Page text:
Everything about life
Time, what time is, the passing of time - these things seem to be troubling people all the time. Under the tyranny of these clocks, people live, kiss, love, talk, fight, run, work, and indulge in the constant drip of time. As Marclay himself puts it: "the film clock is a monumental blockbuster." The multi-faced clock creates a tense atmosphere. We watch everyone race in real time on the road to death - and life - and it's all the more dizzying because the time on screen is the same for actors and viewers. In the inexorable march of time, in a section of interwoven voices, music and voices, there is a combination of weeping, joy, pain, fear and ecstasy.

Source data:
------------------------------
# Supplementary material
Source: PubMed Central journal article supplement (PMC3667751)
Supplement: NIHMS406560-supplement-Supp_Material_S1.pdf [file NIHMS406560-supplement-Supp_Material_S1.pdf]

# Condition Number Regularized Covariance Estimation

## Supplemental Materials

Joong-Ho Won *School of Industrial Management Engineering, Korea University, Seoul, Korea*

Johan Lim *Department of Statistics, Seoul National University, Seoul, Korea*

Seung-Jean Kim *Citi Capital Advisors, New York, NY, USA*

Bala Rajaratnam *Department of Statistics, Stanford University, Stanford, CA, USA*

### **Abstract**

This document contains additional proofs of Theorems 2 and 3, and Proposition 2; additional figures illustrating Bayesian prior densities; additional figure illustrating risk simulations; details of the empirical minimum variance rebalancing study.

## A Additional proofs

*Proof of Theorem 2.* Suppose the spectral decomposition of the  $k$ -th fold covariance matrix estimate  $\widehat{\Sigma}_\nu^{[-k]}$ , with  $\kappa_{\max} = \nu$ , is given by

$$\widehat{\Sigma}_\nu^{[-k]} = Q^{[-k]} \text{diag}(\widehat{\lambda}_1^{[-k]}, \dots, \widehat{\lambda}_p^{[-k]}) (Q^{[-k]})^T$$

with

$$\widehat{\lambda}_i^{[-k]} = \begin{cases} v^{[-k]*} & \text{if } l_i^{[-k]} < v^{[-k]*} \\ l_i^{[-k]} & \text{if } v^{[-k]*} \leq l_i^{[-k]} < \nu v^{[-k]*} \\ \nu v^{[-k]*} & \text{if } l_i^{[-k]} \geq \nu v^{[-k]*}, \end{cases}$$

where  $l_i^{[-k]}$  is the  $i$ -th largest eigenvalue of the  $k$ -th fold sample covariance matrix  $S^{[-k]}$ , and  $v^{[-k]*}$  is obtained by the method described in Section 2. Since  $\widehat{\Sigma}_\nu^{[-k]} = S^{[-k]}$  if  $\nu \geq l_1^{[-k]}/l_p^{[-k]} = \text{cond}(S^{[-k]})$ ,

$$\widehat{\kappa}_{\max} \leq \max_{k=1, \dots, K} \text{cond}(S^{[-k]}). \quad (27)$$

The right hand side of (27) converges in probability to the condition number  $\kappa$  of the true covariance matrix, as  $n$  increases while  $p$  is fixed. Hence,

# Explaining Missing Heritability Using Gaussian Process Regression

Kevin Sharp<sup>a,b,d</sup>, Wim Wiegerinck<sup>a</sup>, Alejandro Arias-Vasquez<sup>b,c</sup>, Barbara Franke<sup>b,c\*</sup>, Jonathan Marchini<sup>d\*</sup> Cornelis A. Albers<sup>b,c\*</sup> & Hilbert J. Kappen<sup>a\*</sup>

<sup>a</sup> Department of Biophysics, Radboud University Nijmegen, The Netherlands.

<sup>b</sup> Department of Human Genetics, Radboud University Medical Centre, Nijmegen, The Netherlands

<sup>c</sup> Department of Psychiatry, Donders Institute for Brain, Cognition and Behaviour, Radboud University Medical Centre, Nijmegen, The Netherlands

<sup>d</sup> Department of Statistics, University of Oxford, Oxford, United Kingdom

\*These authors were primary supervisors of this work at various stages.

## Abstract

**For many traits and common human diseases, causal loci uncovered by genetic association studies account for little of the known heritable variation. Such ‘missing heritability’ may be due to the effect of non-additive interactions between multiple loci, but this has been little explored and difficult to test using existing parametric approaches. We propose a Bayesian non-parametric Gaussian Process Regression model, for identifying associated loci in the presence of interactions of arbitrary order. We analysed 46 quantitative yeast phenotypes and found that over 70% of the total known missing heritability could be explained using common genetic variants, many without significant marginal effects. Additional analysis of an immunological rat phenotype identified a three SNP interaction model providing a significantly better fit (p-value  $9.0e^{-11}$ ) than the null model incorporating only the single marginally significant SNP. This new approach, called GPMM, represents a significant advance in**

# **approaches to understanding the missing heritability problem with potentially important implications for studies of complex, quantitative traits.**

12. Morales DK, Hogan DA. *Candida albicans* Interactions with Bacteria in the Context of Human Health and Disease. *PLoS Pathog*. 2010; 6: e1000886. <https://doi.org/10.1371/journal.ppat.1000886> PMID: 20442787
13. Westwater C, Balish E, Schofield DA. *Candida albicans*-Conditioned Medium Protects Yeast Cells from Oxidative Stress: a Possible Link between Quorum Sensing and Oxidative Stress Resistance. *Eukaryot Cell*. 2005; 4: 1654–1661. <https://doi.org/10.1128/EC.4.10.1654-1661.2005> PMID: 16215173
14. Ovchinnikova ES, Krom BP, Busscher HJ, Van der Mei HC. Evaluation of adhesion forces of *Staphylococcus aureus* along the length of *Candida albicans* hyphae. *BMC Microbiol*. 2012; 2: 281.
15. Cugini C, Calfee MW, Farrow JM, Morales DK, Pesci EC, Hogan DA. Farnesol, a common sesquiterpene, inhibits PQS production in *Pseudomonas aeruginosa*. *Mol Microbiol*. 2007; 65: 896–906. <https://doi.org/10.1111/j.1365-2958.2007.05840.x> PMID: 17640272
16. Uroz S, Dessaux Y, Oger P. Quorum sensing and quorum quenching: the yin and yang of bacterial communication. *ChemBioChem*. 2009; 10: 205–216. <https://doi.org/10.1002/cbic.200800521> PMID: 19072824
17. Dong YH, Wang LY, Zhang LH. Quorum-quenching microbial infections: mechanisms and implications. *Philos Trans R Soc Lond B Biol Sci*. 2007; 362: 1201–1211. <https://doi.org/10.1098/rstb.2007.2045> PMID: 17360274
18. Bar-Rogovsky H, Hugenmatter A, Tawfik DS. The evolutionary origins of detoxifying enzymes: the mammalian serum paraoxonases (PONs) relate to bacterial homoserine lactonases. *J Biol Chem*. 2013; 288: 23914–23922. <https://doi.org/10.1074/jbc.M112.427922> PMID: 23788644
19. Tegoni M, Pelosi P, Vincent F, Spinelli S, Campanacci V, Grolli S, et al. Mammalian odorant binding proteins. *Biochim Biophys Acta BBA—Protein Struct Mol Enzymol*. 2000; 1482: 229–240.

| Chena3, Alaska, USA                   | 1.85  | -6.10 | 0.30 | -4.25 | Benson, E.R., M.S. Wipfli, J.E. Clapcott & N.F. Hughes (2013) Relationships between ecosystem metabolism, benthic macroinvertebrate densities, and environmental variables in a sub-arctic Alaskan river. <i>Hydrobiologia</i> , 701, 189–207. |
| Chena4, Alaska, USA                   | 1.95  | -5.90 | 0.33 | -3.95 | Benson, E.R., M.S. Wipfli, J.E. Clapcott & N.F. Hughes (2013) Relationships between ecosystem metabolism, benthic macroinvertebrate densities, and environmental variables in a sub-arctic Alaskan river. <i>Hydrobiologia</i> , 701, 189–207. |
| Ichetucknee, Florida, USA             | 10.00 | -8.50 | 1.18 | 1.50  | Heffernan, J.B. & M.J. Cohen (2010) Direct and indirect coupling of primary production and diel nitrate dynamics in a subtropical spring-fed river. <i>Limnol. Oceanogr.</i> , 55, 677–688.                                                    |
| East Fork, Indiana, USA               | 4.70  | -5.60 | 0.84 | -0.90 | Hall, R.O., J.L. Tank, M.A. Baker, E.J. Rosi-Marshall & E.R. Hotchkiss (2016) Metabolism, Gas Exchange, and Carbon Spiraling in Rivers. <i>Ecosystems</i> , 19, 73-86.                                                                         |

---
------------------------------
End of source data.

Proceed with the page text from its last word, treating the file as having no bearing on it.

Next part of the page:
Let me give you an example